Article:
Letters to Sports: Readers recognize Helene Elliott and her impact

Los Angeles Times hockey writer and columnist, Helene Elliott, in the press box high.
Los Angeles Times columnist Helene Elliott sits in the press box during a 2007 Stanley Cup playoff game between the Ducks and the Minnesota Wild at Honda Center. (Los Angeles Times)

Thank you, Helene Elliott, for your 45 years of incisive, humanistic and insightful reporting and columns. You’ve been a trailblazer and a beacon for women in sports and never failed to engage and report with a keen and witty eye. You will be deeply missed.

Gary Bolen



Rarely do I cry when a sportswriter signs off on a career well accomplished. Helene Elliott’s last column had me in tears. She is without a doubt one of the best ever — and I’ve read some of the finest writers from Brooklyn to L.A.

Helen Lotos

Corona del Mar


My deepest and sincere condolences to Helene Elliott. I can't imagine the pain you are going through. First and foremost, I wish you happiness and healing. You have been a joy to read for as long as I have been reading The Times. You will be missed.

Geno Apicella



So sorry for your loss Helene and wish you comfort and success in whatever direction your new endeavor may take you. The Times has lost its best sports writer in many years. We’ll really miss you.

Jack Wishard

Los Angeles


If ever there was a column written from the heart, it was Helene Elliott's goodbye. I have followed Helene most of her career at The Times and found her to have a well thought out and evenhanded perspective. Her hockey coverage, in a word, was outstanding. I can hardly wait for the book.

Ken Allan

Diamond Bar


Farewell and thanks to Helene Elliott for her many years of snark-free columns on the L.A. sports scene. Taking an early retirement while saving a colleague's position says it all. Congratulations.

Jim Fredrick

Manhattan Beach


Helene Elliott is an icon in L.A. sports journalism. I am going to miss seeing her byline. What was unique about her style is that she reported on the team, the event, and the personalities involved, but never made herself part of the story, as certain other journalists are inclined to do. She is definitely going to be missed in the pages of The Times Sports section and the L.A. sports scene.

Sherwyn Drucker



I would like to thank you for your many years of service to the Los Angeles community. Your courage, as one of the first female sports writers, and your commitment to quality journalism has benefited all of us. Please accept my deepest sympathy for the loss of your husbum and I wish you the best of luck in your future endeavors.

Lorrie Oshatz



To refer to Helene Elliott as a female sportswriter — even as a pioneering female sportswriter — is a misnomer. She’s simply one of the finest sportswriters to ever grace the pages of a major metropolitan newspaper. Period.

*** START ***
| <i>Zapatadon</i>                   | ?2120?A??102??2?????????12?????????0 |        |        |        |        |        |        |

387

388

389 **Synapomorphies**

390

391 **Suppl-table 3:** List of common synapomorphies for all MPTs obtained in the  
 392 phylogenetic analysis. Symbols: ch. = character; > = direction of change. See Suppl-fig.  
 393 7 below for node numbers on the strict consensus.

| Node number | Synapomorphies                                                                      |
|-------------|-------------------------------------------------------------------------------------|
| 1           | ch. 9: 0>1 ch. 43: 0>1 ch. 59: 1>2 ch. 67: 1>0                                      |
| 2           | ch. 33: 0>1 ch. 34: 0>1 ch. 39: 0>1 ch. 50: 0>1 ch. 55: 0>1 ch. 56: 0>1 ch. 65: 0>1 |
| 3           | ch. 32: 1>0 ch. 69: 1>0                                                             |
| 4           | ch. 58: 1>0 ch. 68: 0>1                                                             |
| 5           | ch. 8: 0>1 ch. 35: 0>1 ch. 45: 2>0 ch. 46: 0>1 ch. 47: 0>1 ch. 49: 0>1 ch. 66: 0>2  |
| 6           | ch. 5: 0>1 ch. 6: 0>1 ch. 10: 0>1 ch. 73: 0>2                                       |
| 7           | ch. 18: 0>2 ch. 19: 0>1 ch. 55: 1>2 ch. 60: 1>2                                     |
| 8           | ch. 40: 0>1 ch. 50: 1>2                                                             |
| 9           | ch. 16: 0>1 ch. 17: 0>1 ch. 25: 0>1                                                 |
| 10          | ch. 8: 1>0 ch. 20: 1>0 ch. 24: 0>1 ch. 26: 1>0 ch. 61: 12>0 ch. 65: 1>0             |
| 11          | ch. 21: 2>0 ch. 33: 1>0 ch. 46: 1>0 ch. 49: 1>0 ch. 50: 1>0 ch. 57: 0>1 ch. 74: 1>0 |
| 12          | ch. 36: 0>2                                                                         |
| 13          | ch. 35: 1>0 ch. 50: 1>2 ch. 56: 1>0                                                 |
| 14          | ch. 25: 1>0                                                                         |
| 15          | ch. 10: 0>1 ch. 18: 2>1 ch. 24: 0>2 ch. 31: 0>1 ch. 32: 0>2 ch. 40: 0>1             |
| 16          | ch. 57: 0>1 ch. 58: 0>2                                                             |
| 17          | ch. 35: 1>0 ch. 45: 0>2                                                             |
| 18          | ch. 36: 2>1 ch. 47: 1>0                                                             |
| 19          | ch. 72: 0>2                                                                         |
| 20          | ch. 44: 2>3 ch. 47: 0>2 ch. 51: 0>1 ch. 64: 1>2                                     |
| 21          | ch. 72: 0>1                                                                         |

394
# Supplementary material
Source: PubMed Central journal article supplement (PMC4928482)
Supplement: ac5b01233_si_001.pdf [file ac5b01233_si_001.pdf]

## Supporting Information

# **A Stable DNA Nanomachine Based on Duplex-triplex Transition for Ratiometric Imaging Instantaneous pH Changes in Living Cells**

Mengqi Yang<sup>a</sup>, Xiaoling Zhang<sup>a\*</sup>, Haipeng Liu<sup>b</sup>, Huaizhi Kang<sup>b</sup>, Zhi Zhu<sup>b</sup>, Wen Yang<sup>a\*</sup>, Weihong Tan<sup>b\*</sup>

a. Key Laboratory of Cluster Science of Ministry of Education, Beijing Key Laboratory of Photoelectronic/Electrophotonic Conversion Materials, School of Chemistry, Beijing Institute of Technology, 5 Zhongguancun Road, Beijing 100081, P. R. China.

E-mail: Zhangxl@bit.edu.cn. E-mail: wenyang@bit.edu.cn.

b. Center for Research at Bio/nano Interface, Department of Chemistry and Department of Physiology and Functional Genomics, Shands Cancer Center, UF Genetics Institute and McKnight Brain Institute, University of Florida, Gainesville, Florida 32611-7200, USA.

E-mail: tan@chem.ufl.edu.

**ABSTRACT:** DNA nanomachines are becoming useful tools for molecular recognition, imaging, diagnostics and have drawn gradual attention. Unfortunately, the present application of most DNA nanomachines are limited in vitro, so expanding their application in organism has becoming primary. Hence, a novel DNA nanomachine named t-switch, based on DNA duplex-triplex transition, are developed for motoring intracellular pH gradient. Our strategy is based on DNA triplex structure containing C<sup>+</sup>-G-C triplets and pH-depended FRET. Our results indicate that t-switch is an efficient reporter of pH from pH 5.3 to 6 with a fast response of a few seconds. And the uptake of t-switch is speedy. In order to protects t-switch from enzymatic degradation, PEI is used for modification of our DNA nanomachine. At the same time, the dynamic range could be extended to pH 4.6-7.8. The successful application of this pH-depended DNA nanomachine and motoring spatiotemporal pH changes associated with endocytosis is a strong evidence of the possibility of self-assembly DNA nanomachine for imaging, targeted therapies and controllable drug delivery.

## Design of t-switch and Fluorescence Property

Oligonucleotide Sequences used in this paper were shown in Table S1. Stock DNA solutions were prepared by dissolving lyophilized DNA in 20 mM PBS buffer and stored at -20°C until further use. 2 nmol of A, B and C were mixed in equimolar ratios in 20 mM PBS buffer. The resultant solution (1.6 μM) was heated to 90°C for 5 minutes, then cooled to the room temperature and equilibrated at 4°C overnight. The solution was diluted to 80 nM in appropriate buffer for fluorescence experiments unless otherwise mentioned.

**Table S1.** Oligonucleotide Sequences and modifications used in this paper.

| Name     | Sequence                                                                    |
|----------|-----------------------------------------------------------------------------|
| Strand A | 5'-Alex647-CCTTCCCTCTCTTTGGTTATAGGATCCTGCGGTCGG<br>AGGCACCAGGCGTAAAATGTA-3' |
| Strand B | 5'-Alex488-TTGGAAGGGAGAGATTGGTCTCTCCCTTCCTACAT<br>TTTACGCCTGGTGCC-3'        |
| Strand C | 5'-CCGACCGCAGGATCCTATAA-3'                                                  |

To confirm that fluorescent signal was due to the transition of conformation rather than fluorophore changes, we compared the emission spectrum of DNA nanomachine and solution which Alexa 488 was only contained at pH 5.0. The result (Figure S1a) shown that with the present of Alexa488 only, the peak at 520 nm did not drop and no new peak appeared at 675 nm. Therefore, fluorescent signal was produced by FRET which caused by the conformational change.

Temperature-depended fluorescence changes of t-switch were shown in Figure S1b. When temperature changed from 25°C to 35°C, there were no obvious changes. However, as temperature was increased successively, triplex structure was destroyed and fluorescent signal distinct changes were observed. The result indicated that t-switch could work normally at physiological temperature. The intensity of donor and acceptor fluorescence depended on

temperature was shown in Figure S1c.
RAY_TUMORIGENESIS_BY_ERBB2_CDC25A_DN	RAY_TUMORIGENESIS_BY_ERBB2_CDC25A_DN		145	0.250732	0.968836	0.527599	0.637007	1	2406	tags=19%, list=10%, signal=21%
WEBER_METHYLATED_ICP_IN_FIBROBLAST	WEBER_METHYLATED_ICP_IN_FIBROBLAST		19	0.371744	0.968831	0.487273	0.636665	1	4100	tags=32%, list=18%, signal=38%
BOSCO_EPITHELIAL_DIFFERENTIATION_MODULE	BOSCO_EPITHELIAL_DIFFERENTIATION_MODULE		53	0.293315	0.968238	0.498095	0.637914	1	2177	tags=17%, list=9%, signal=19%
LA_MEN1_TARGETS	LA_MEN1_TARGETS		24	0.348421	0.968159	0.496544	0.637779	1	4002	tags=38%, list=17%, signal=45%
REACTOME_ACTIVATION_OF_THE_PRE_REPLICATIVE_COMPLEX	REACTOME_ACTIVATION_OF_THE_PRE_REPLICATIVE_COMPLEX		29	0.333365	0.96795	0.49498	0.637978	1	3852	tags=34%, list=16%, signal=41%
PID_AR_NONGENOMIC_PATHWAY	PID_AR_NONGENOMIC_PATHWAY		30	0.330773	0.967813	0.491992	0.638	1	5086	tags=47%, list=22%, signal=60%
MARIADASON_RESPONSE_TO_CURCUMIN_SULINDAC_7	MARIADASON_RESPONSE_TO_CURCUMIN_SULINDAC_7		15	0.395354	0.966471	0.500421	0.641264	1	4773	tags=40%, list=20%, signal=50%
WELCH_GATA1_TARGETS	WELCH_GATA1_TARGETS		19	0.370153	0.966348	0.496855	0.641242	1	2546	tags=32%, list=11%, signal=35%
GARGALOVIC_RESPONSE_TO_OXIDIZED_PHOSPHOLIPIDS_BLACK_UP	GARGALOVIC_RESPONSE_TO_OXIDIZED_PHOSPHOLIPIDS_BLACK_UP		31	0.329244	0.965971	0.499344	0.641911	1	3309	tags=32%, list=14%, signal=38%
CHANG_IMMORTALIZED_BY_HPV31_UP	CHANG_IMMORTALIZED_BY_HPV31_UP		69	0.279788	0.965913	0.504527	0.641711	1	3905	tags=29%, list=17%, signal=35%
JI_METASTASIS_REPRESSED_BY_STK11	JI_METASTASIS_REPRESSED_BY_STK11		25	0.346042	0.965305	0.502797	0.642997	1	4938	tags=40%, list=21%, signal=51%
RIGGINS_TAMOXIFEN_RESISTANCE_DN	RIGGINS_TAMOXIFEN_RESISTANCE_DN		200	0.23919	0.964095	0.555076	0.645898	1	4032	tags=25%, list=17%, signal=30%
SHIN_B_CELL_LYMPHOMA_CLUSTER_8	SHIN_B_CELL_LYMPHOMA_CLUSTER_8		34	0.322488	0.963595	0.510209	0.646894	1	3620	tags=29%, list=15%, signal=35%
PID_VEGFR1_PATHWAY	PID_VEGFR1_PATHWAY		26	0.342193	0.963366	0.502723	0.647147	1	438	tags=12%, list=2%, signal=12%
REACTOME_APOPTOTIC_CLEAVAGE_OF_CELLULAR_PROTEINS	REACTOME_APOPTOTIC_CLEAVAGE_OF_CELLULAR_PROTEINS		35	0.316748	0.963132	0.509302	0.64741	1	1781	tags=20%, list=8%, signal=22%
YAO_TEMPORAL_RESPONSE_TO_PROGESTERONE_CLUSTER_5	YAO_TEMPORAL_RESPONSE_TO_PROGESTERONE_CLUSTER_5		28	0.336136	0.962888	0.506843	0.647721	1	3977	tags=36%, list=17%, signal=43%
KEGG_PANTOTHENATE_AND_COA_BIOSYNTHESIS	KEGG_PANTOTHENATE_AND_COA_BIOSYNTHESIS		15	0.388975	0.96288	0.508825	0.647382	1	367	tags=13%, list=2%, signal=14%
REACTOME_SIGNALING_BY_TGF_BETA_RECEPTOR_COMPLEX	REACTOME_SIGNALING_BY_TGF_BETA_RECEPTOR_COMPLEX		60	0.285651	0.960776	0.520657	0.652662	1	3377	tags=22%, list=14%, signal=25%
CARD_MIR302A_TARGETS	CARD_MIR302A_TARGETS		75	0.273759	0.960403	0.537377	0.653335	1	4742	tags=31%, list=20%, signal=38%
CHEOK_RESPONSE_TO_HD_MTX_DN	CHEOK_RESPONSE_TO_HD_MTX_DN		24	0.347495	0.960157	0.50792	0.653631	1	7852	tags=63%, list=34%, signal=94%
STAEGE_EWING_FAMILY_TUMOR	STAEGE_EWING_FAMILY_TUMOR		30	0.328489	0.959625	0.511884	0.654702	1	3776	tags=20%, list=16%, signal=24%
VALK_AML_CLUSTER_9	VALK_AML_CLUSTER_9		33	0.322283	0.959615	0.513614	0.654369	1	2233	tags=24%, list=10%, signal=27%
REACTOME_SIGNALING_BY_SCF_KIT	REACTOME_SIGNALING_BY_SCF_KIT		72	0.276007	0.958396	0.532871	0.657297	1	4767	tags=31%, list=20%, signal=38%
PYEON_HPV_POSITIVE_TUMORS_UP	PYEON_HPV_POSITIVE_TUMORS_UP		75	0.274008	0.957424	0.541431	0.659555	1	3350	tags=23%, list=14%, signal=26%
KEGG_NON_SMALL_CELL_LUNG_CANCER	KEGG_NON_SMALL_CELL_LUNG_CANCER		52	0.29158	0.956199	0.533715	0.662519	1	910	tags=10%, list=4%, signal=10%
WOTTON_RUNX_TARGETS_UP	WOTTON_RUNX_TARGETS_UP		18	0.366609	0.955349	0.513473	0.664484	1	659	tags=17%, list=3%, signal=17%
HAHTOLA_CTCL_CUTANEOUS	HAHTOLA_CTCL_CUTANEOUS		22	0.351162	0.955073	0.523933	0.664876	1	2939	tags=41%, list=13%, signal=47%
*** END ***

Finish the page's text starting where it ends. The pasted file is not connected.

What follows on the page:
Kip Dellinger

Santa Monica


Thank you Helene for your beautifully courageous last story, and for all those that have preceded it. I have been a faithful reader for 34 years. I lost my husband two years ago after a 35-year marriage and yes the grief can be crushing. I assure you in time it will get easier. I wish you peace and healing as you face your first project of moving your beloved husbum's shoes and clean T-shirts, one shoe, one T-shirt at a time.

Holly Wolfle Hall



Best of luck in the next phase of your life. Ms. Elliott, you take your place in the pantheon of great writers that have graced the pages of the Los Angeles Times Sports section.


Robert Matthews

San Clemente

One for the ages

LeBron James was sensational in orchestrating the Lakers’ fourth-quarter comeback against the Clippers. Maybe it’s time for LeBron to start thinking about playing in the NBA with a grandson.

Richard Raffalow

Valley Glen

Storm on out of here

After the court-stormings at both the Iowa-Ohio State and Duke-Wake Forest games, it’s time to take a hard, serious look at what has become a dangerous pastime.

The Caitlin Clark incident was just plain stupidity — the oblivious fan running down the court with her eyes on her cell phone. The Kyle Filipowski trip/collision looked intentional.

Solution? Any unauthorized person entering the court before the losing visiting team can safely exit will cost their home team the victory.

Rick Solomon

Lake Balboa

Learning experience

After the USC-UCLA game, Mick Cronin said, "The team that plays harder usually wins." Actually, the team that plays smarter usually wins, and USC definitely played smarter. They employed an extended zone defense the entire game, and Cronin appeared to make zero adjustments. This smart defense completely neutralized UCLA's perimeter game. Don't work harder, work smarter.

David Waldowski

Laguna Woods


The entire season has been Mick Cronin throwing tantrums after each game while bemoaning his team isn’t tough enough or isn’t motivated enough or doesn’t haven’t enough heart. Mick, how about admitting that you didn’t recruit well enough and that the team isn’t very good this season? You are beating a bunch of well-meaning kids into the ground when you probably bear more responsibility for this disappointing season than anyone else.

Robert Goldstone

Corona del Mar


On the same day as the new John Wooden postage stamp dedication at Pauley Pavilion, in front of the largest crowd of the season, it was only fitting that USC gave the Bruins a good licking.

Steve Ross



The Los Angeles Times welcomes expressions of all views. Letters should be brief and become the property of The Times. They may be edited and republished in any format. Each must include a valid mailing address and telephone number. Pseudonyms will not be used.


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This story originally appeared in Los Angeles Times.